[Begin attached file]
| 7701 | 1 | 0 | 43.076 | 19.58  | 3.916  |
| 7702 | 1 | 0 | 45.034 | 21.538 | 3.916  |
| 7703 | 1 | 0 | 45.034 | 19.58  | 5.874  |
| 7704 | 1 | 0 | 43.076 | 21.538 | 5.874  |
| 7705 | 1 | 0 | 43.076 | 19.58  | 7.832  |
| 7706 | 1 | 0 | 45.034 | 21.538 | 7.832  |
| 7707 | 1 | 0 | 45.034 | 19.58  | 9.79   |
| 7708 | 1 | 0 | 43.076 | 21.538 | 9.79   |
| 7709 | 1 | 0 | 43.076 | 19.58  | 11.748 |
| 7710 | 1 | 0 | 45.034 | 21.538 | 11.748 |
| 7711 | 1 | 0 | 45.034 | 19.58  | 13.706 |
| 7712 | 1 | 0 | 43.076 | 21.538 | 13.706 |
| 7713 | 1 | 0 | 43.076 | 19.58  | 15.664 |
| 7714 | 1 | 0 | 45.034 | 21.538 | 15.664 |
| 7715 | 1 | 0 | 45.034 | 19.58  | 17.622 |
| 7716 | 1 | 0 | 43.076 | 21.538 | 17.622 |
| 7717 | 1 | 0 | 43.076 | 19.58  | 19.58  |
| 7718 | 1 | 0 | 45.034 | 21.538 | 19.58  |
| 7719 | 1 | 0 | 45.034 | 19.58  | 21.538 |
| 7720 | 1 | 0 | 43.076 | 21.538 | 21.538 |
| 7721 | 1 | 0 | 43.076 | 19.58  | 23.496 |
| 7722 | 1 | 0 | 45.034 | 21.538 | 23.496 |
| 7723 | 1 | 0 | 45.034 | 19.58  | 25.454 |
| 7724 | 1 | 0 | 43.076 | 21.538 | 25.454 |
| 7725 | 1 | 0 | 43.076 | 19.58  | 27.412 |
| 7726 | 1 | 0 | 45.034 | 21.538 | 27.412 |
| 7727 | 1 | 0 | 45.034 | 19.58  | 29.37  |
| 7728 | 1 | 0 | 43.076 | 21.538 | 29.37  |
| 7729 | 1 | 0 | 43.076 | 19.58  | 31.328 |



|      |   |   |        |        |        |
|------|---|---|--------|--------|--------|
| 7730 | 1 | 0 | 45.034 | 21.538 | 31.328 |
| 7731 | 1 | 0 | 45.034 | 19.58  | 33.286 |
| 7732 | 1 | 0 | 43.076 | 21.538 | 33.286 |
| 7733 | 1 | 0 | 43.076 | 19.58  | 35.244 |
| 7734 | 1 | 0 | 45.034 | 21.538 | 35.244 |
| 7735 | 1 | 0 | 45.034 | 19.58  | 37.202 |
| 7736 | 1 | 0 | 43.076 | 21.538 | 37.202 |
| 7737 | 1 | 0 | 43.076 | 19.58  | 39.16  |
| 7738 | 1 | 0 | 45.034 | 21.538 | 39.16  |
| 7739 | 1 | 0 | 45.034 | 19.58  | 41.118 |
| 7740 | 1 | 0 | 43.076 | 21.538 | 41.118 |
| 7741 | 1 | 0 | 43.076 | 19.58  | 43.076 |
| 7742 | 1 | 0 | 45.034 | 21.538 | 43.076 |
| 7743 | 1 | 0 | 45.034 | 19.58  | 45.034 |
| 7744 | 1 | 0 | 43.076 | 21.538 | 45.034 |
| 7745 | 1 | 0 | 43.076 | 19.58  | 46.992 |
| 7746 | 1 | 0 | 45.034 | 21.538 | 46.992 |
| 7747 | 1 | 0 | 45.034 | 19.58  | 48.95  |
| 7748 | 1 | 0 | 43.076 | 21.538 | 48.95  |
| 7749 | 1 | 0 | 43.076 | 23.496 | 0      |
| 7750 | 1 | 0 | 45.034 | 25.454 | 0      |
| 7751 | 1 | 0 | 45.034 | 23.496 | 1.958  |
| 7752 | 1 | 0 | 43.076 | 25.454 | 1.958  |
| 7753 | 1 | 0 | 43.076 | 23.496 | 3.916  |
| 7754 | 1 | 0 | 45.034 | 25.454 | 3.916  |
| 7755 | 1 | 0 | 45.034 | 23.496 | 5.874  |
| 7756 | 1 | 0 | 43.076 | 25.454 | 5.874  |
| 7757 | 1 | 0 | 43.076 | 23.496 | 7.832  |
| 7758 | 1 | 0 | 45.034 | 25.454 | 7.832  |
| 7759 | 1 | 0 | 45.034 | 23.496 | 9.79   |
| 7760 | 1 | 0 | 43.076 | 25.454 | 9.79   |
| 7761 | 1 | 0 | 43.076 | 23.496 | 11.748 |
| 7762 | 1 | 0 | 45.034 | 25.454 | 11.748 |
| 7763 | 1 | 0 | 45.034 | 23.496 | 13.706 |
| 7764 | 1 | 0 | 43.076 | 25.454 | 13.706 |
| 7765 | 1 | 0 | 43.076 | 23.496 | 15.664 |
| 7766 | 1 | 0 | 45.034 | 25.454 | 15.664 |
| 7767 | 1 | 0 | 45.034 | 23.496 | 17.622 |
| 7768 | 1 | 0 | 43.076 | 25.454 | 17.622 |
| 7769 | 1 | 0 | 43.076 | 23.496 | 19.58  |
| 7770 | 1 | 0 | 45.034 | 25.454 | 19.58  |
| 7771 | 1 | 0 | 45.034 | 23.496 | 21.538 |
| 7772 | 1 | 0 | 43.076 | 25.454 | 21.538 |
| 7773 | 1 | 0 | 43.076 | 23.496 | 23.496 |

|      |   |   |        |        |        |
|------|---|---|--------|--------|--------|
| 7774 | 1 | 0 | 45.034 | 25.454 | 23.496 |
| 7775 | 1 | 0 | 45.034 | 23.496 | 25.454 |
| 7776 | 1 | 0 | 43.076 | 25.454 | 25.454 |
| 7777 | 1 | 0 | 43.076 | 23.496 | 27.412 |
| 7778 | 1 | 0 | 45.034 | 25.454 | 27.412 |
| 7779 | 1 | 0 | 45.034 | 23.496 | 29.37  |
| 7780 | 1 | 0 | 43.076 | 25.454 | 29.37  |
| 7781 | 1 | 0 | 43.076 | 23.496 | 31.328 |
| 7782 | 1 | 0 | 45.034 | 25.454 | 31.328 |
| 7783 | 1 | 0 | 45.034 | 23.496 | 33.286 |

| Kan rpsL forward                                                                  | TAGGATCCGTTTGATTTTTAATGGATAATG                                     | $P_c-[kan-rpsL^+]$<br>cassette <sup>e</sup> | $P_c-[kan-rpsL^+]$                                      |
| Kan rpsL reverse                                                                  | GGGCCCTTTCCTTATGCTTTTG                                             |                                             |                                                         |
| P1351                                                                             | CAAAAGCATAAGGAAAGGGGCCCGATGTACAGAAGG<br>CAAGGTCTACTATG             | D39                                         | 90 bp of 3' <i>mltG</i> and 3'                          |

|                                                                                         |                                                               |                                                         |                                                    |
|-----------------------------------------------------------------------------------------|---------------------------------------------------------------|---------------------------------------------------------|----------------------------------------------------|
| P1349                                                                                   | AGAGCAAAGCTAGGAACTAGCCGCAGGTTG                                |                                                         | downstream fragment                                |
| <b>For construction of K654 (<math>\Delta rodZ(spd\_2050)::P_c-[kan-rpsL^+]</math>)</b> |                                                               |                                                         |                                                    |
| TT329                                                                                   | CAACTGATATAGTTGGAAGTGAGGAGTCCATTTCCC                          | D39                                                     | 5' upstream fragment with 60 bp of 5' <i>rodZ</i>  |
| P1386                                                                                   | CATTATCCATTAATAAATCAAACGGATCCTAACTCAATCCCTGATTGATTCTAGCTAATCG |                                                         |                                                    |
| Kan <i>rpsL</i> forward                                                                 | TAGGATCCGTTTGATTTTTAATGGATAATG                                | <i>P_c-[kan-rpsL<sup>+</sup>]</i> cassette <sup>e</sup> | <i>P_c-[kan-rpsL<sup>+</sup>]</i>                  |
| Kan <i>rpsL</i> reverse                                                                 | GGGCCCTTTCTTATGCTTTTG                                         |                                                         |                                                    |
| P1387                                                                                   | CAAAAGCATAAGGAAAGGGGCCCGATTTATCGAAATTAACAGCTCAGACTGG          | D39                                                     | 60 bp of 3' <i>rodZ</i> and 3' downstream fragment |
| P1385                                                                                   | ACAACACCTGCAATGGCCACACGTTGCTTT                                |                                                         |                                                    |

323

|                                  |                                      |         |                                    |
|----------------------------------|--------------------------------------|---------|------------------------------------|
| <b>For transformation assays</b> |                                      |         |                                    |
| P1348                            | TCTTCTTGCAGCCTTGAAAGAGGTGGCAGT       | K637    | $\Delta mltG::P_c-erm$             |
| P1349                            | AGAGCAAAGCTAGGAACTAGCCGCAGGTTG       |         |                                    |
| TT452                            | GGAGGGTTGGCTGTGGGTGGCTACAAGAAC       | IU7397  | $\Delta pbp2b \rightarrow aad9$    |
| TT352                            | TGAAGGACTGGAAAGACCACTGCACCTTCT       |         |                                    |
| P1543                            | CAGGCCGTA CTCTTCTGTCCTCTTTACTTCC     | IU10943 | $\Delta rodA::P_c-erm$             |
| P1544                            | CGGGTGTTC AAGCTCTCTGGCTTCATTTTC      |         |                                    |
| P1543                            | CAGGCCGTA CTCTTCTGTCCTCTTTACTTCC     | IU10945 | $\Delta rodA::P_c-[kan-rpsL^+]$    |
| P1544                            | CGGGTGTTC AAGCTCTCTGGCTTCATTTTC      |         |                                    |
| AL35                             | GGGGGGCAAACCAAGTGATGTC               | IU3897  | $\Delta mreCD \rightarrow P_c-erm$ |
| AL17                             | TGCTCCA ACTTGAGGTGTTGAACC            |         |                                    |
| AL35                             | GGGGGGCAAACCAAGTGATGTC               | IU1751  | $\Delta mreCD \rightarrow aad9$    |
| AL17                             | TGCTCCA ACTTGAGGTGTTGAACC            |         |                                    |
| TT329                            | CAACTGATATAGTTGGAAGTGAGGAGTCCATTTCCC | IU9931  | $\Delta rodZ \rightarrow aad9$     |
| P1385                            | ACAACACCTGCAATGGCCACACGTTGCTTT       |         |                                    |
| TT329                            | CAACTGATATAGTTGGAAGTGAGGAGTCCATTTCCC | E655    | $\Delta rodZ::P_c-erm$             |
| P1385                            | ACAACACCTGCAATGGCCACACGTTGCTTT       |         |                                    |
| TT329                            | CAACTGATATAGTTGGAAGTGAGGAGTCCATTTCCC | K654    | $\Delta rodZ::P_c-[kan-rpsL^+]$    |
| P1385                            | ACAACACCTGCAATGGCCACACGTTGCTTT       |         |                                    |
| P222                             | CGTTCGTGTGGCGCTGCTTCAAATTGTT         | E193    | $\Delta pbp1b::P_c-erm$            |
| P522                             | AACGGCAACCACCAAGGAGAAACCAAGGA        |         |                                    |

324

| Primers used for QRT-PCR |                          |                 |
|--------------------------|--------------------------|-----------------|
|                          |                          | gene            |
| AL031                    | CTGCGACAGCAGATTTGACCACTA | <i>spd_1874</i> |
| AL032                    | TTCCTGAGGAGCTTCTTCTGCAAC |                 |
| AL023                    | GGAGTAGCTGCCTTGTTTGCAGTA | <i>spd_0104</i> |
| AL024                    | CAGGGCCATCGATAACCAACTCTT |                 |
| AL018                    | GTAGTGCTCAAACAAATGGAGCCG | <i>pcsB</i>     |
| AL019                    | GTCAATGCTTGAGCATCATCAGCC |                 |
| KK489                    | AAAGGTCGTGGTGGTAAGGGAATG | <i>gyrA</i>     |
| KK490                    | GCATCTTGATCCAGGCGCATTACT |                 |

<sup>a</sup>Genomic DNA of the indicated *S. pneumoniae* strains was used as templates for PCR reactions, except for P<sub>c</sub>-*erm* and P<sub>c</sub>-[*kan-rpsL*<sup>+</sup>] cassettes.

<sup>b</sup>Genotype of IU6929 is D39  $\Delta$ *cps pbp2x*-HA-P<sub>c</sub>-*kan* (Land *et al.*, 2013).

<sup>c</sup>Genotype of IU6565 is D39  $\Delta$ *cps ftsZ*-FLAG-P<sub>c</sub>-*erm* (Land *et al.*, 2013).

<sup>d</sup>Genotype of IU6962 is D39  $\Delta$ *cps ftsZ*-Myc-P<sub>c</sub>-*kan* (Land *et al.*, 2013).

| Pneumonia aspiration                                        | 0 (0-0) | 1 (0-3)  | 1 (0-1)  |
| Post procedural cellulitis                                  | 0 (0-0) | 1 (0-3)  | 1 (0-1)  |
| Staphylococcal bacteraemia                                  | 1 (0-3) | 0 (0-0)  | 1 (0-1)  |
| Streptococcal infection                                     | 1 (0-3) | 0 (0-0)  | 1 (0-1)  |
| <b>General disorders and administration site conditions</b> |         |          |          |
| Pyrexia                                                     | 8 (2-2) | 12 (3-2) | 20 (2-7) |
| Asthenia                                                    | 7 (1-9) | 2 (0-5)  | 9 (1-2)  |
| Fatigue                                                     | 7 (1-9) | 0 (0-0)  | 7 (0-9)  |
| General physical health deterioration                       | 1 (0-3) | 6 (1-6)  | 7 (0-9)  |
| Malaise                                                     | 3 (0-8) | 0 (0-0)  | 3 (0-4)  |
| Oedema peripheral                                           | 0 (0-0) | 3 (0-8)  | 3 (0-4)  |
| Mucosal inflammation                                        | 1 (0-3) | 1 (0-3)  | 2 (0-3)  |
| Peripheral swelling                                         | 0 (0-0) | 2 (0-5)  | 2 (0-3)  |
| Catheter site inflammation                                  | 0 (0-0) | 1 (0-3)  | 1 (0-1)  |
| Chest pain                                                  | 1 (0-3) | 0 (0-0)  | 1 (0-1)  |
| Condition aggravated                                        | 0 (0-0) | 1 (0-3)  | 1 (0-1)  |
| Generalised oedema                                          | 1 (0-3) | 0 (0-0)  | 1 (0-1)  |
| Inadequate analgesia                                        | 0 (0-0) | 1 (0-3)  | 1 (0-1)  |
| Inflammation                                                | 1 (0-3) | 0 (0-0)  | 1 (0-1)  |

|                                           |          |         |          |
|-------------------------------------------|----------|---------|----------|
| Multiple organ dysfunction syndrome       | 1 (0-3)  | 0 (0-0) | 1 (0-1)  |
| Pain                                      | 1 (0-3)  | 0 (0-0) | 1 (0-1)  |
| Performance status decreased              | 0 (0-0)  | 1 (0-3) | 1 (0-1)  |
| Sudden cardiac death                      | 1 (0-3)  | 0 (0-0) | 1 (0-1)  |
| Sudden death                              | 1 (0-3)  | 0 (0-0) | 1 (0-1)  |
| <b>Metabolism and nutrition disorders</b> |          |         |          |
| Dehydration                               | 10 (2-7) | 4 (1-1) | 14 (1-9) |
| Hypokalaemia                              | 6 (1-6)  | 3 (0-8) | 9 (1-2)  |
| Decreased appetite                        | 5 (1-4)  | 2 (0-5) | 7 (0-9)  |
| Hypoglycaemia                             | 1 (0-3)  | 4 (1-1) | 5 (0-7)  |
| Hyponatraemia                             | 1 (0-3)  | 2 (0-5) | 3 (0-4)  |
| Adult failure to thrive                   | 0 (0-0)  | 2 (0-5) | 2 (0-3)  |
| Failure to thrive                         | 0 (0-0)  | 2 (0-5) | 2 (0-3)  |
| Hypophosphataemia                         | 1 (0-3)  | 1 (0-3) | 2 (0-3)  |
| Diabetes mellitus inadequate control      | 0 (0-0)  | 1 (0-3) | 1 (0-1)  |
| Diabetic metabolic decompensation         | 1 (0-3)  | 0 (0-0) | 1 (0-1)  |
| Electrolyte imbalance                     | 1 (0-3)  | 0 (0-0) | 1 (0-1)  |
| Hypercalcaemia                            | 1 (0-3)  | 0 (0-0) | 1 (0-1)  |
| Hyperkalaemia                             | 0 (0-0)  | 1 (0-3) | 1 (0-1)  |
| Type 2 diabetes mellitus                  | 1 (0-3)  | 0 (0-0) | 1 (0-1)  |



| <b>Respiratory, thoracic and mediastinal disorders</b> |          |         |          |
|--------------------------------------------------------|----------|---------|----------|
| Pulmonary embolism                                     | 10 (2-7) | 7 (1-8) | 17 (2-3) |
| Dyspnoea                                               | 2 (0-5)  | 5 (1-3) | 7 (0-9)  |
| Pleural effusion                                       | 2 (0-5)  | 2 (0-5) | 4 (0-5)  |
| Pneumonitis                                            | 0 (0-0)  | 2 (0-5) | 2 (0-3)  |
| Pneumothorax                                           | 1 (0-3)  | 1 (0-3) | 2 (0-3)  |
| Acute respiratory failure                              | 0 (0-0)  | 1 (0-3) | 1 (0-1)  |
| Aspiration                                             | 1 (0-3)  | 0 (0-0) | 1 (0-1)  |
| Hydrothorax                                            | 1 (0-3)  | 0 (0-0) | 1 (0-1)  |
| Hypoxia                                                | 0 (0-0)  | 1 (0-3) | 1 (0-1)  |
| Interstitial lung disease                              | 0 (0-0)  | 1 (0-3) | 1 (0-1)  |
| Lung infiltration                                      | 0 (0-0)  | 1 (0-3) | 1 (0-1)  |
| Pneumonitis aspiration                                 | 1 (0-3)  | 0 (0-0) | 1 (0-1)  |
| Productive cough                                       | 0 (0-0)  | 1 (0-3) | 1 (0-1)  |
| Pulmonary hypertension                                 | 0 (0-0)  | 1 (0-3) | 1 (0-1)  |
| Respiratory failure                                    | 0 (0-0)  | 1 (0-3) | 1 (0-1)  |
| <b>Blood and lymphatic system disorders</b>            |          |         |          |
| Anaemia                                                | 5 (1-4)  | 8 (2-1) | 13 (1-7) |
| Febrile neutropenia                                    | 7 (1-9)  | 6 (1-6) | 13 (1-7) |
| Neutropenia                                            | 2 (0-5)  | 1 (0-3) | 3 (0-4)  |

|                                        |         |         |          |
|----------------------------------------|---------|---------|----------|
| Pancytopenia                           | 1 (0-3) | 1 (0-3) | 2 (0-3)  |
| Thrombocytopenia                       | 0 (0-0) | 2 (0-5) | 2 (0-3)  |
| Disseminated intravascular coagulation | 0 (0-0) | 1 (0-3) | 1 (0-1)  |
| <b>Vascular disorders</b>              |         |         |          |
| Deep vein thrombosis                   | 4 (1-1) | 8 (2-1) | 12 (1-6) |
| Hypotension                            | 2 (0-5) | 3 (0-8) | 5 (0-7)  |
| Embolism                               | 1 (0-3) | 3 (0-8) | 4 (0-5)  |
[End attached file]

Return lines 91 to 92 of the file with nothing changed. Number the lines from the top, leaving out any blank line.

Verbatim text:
|                                                                                         |                                                               |                                                         |                                                    |
|-----------------------------------------------------------------------------------------|---------------------------------------------------------------|---------------------------------------------------------|----------------------------------------------------|